All of our faculty participants are listed here (past and current)
Jacob Darwin Hamblin is Professor of History at Oregon State University. He also directs the Environmental Arts and Humanities Initiative. The author of Arming Mother Nature and other books, he writes about the history and politics of science, technology, and environmental issues. His work has appeared in the New York Times, Salon, and many publications devoted to the history of science, technology, and the natural world.
Robert Melchior Figueroa is Associate Professor of Philosophy in the School of History, Philosophy, and Religion at Oregon State University. He specializes in Environmental Justice Studies and Environmental Philosophy, as well as the Philosophy of Science, Technology, and Society. Inclusive of his research is work on Philosophy of Heritage, Environmental Identity, Climate Refugees, Critical Race and Latin@ Theory, Critical Geography, Feminist Philosophy, and Philosophy for Children. Rob is currently writing a book for Routledge, Environmental Justice as Environmental Ethics: A New Introduction, and his manuscript Extending Environmental Justice: Beyond Equity and Identity.
Hannah Gosnell is Associate Professor of Geography in the College of Earth, Atmospheric, and Ocean Sciences at OSU. She earned a PhD in Geography from the University of Colorado in 2000. She specializes in human dimensions of global environmental change, rural geography, agricultural landscapes, ranching, and the U.S. West. Her research has appeared in Society and Natural Resources, Journal of the American Water Resources Association, and several other journals.
Evan Gottlieb is Professor of English at Oregon State University. He earned a PhD from the University at Buffalo, SUNY, in 2002. He specializes in eighteenth-century and Romantic British literature and culture, literary and critical theory, globalization, post-humanism, and Speculative Realism. His books include Romantic Realities: Speculative Realism and British Romanticism (Edinburgh University Press, September 2016); Romantic Globalism: British Literature and Modern World Order, 1750-1830. (Ohio State University Press, 2014); Walter Scott and Contemporary Theory (Bloomsbury, 2013); and Feeling British: Sympathy and National Identity in Scottish and English Writing, 1707-1832 (Bucknell University Press, 2007).
Stephanie Jenkins is Assistant Professor of Philosophy at Oregon State University. She received her BA in Philosophy at Emory University in 2003, her MA in Philosophy from Pennsylvania State University in 2007 and her dual Ph.D. in Philosophy and Women’s Studies from Pennsylvania State University in 2012. Her dissertation, Disabling Ethics: A Genealogy of Ability, argues for a genealogy-based ethics that departs from traditional bioethical approaches to disability. Her research and teaching interests include 20th century continental philosophy (especially French), feminist philosophy, disability studies, critical animal studies, and ethics. In her spare time, she enjoys spending time outdoors (hiking, biking, and running), baking, and listening to live music.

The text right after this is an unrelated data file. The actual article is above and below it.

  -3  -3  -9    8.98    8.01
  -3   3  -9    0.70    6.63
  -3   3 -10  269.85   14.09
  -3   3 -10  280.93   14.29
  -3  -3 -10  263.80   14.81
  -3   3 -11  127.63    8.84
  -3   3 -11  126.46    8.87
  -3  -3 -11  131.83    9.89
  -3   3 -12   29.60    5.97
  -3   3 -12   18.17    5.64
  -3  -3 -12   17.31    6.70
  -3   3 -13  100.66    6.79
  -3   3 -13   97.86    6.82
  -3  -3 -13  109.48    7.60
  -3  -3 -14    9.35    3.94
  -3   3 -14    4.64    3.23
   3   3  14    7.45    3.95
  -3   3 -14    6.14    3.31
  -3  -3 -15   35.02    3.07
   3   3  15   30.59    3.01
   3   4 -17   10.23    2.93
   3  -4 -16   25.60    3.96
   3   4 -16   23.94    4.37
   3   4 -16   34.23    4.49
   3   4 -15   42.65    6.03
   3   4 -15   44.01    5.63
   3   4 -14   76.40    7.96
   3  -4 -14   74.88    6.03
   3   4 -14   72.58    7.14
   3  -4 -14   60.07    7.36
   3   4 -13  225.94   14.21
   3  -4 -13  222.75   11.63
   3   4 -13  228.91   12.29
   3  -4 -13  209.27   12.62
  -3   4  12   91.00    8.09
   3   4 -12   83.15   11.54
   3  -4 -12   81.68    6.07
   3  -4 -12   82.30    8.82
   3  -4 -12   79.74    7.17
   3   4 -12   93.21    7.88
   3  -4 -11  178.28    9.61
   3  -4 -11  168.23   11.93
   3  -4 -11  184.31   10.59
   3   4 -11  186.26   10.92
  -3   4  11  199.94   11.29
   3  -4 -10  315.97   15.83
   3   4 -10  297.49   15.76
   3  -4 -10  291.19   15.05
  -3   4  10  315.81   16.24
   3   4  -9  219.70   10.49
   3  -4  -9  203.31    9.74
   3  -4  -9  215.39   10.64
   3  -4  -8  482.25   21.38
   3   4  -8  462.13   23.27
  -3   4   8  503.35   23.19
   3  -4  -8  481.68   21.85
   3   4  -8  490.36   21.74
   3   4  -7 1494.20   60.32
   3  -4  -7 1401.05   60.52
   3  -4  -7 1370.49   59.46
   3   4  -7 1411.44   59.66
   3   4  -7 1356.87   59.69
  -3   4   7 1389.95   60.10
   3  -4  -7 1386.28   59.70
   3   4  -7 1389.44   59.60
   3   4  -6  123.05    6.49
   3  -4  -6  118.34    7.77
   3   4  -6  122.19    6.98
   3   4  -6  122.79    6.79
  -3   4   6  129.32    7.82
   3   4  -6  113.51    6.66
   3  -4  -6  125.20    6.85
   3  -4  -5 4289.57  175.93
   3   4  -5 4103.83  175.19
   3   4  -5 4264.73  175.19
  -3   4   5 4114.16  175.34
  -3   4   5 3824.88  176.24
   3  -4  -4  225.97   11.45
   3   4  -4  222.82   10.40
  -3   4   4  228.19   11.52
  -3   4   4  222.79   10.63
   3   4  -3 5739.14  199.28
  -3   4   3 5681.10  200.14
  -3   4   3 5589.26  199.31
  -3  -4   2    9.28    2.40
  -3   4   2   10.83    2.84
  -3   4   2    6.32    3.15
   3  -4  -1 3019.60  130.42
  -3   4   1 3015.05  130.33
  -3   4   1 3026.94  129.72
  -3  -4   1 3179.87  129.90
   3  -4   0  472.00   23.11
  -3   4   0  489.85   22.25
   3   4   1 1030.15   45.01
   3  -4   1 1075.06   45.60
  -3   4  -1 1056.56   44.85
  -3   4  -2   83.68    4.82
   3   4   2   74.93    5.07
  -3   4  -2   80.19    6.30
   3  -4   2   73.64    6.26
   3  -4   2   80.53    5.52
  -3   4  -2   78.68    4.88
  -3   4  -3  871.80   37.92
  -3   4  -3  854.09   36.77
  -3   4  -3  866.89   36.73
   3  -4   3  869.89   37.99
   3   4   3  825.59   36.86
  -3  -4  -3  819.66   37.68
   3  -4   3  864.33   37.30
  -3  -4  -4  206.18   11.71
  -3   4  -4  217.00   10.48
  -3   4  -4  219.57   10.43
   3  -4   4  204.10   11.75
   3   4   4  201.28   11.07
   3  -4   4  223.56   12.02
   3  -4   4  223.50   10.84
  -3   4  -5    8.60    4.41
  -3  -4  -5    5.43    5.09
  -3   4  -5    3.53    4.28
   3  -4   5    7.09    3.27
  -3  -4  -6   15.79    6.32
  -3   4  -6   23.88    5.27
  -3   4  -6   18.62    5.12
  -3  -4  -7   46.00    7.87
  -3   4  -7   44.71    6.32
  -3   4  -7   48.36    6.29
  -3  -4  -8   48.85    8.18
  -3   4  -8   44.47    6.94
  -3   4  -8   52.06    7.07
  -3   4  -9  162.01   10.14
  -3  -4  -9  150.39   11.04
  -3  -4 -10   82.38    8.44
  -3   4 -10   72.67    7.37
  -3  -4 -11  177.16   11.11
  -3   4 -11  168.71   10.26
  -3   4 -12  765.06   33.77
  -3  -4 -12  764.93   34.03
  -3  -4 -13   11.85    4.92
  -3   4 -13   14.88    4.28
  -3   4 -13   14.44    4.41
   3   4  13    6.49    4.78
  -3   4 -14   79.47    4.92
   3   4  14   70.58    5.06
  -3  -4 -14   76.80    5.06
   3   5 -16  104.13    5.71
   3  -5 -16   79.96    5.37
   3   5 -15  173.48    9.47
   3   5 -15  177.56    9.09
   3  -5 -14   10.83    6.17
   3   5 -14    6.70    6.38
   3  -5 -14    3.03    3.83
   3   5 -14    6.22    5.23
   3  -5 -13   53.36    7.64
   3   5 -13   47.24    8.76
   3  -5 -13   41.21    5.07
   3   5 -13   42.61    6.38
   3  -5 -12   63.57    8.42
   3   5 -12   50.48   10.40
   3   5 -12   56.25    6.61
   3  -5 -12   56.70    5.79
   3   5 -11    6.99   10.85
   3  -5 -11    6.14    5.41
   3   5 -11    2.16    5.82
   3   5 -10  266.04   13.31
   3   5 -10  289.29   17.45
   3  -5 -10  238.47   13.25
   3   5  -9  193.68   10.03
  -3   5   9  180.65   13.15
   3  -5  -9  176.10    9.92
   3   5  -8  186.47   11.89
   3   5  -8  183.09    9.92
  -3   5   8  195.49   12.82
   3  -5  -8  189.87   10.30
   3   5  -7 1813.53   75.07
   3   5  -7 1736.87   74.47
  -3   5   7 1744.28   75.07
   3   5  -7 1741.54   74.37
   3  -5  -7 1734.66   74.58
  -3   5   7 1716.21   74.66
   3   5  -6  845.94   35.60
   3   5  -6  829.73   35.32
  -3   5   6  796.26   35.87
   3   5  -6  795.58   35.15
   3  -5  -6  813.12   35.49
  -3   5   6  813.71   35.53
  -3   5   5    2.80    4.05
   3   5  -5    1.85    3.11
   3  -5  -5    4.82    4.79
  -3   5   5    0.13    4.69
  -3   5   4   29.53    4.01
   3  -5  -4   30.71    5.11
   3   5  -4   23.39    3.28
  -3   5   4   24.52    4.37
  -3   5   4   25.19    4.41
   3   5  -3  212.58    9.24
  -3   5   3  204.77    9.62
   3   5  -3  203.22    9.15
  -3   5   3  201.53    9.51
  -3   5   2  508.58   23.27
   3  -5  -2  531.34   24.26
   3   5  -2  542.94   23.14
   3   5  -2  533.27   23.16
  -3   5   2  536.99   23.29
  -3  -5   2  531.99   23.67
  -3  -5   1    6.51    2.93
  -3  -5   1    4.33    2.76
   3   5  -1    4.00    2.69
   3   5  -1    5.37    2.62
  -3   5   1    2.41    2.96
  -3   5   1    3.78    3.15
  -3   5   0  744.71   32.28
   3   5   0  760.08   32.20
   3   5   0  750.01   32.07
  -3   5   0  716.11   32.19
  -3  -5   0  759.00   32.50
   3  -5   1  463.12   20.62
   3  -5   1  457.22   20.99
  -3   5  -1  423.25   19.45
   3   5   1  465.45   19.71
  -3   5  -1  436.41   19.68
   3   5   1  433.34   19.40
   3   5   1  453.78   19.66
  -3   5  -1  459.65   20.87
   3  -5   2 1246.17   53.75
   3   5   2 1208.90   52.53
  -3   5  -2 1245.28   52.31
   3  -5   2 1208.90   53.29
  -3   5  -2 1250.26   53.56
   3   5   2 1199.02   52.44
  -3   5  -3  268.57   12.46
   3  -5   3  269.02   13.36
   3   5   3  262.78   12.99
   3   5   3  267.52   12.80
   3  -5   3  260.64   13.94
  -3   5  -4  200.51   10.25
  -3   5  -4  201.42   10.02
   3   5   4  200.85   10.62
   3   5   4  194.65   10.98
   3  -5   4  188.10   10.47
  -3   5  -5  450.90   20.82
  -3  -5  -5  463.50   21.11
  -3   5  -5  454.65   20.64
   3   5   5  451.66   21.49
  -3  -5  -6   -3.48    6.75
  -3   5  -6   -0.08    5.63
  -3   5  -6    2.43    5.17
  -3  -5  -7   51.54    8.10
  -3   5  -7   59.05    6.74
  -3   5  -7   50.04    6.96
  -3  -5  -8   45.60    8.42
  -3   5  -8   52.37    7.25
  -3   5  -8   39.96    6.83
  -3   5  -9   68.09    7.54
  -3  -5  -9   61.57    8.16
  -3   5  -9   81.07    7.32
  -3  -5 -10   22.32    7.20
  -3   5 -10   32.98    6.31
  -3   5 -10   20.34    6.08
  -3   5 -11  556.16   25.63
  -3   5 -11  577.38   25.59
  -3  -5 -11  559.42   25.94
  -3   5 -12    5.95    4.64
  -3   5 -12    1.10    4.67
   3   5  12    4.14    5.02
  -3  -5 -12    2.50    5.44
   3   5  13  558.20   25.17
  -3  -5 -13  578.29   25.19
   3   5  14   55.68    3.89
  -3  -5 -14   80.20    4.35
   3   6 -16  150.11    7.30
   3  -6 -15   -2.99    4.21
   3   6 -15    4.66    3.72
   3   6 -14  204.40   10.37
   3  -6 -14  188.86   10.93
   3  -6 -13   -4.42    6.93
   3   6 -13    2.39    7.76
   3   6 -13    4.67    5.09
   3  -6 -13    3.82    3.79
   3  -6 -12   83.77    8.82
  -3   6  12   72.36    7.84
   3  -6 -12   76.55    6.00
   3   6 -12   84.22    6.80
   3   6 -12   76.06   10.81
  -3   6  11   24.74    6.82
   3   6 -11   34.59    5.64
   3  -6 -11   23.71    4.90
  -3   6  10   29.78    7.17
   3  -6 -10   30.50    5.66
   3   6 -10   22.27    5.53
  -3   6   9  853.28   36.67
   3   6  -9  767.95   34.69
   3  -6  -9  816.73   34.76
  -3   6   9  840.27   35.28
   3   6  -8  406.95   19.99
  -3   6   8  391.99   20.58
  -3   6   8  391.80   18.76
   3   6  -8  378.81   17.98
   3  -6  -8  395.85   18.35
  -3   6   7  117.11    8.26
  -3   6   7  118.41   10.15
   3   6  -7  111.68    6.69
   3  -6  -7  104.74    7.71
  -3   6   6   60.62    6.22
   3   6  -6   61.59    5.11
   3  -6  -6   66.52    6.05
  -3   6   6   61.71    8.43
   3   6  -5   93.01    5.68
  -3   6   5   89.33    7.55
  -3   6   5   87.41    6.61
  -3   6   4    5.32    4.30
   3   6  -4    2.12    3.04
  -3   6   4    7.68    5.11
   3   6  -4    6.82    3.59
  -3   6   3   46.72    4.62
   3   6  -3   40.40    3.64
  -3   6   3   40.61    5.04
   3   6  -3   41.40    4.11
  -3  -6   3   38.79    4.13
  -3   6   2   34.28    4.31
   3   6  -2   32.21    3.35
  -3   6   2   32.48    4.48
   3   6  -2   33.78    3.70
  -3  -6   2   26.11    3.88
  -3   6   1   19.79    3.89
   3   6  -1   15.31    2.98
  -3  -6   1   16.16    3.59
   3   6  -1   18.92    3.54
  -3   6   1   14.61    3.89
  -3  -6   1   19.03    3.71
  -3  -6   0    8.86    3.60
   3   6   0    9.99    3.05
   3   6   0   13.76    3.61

Raymond Malewitz is Associate Professor in the School of Writing, Literature, and Film at Oregon State University. He specializes in contemporary American literature, literature and science, environmental literature, and material culture. He received a Ph.D. in English from theUniversity of Virginia in 2007. His recent book, The Practice of Misuse , examines creative acts of repurposing in American culture from the 1960s to the present. Setting works by Cormac McCarthy, Margaret Atwood, Sam Shepard, Thomas Pynchon, Shelley Jackson, Chuck Palahniuk, and Don DeLillo alongside contemporary “maker communities” such as Instructables and IKEA Hacker, the book shows how rugged consumers challenge the assumption of single, pre-determined functions for objects.
Ehren Helmut Pflugfelder is Assistant Professor in the school of Writing, Literature, and Film at Oregon State University. He teaches courses in professional, technical, science, business, and web writing, as well as the teaching of writing, digital rhetoric, and new media literacy. He have a PhD in rhetoric and composition, with a focus in technical writing, from Purdue University. His research focuses on the relationship of classical rhetoric, technology, and mobility studies and he is hard at work on a book project that focuses on the same for the new Ashgate series “Studies in Technical Communication, Rhetoric, and Culture.”
Dana Reason is a Canadian-born composer, pianist, and music researcher. She was part of The Space Between trio with electronic music pioneer Pauline Oliveros; is documented on over 14 recordings, and has created music for film, theatre, and large and small ensembles. In fall 2016, she toured with Paul Miller (aka DJ Spooky) and his Heart of a Forest project. As a pianist, she was part of the soundtrack for Within Our Gates and Body and Soul (music by Paul Miller) on Pioneers of African-American Cinema (Kino-2016) and the PBS documentary soundtrack – Birth of a Movement (2017). As a performer, she has toured the U.S., Europe and Canada. Her composition “Currents” for wind ensemble as well as her trio album “Angle of Vision” were both long listed for GRAMMY awards in 2014. Reason exhibited her first conceptual sculpture, UnHeard, at CEI Artworks in 2016. Her research and writings are available at Wesleyan University Press, Columbia University Jazz Studies Online, 20th Century Music, and Musicworks Magazine. Reason holds a B.Mus (McGill University), MA in Composition (Mills College), and a PhD in Critical Studies / Experimental Practices in music (University of California, San Diego). She was the Director of Popular Music Studies at Oregon State University from 2011-2015 and is currently the Coordinator of Contemporary Music and Research at Oregon State University.